Ten years have passed since 19 terrorist hijackers forever changed the domestic security landscape of the United States.
Not only did the attacks claim the lives of nearly 3,000 innocent people, they led to the creation of government agencies and new regulations for air travel.
While the focus of most security efforts in the wake of 9/11 have been on protecting airplanes and other critical infrastructure, the attacks have also dramatically altered the way corporate executives develop security plans.
In this SecurityInfoWatch.com/STE exclusive roundtable, current and former security executives discuss the impact that 9/11 has had on their profession and the future of corporate security moving forward.
How did 9/11 impact the way security executives go about protecting large commercial properties like the World Trade Center?
Keith L. Kambic, director of security and life safety-Willis Tower, U.S. Equities Asset Management: Large commercial properties naturally come with a lot of different considerations. There is no “one size fits all” solution. Security directors must evaluate their program based upon the specific types of businesses that are housed within their property and the risks that may be associated with them. For example, large commercial buildings often house many different types of tenants which may carry risk as well as retail and even tourist attractions. I believe that 9/11 has made the security executive of any type of property much more accountable for their department as it relates not only to protection of the property, but also life safety of the occupants and business continuity for resilience.
Randy Harrison, managing director, corporate security, Delta Air Lines: Protecting large buildings and landmarks since 9/11 has changed in three distinct ways: technology, law enforcement partnering, and intelligence gathering. The necessities and advancement in technology since 9/11 have enabled security to couple historic guard force protection with technology capability to better protect assets. Technology capability advancements provide for better access control capabilities, monitoring and controlling the movement of personnel, automatically alarming for inappropriate movements or out of place items, and better video capabilities to identify threats. These elements coupled with guard force resources provide a much better informed and process capable program. Private security and local law enforcement forces are much more aligned in sharing information and monitoring local threats. These connections allow for real-time sharing of information and collective action when threats do arise.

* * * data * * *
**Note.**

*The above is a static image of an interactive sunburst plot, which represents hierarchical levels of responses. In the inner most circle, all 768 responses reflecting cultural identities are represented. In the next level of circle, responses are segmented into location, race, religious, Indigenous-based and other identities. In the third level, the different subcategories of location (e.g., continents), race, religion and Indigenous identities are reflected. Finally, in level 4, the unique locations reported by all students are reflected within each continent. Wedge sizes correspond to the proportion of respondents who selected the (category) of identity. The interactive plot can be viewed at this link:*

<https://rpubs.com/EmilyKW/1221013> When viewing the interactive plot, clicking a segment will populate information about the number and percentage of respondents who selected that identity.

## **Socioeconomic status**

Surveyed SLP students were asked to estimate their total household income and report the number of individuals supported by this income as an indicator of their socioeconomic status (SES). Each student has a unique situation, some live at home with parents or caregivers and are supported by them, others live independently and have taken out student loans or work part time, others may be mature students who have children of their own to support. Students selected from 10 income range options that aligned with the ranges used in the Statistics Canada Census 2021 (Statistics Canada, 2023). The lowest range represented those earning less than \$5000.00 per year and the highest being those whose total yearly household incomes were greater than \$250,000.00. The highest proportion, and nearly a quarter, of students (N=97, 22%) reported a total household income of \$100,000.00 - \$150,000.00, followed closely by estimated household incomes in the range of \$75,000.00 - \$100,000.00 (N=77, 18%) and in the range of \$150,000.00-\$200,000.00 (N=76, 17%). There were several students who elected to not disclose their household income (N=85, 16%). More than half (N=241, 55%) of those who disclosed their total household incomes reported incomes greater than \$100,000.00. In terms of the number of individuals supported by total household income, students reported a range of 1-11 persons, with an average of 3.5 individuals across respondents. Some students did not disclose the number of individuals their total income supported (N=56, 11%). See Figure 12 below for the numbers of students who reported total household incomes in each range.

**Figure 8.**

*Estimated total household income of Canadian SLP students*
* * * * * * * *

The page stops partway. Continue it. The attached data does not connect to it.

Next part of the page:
Carlos Villarreal, senior vice president, commercial real estate security services, Whelan Security: Prior to 9/11, most commercial properties were concerned about the “office creeper” walking into a building and stealing lap-top computers, phones, and personal items such as expensive clothing, jewelry and cash. Sept. 11 changed the dynamics of security planning from protecting against property theft to protecting buildings and people against large-scale catastrophic events. Today, security executives must plan for efficient strategies to control and monitor both public and vehicle access into buildings and parking garages. How, when and what are the triggers points to conduct a full building evacuation is a major issue in the planning stages of a security program.
Timothy Giles, president of Risk/Security Management & Consulting and former director of security at IBM: Initially after 9/11, many high rise property management companies did not have in-house security professionals; therefore, a lot of requests went out asking for security assessments of their properties. However, many of these facilities made very few changes to systems or procedures once they looked at the cost of those changes, especially as time went by and there were no new attacks. I believe this drove some increase in the use of contract security officers. Interestingly, there were some facilities that did assessments to look at moving from contract officers to proprietary officers, but I don’t believe there were very many of them that actually made that change.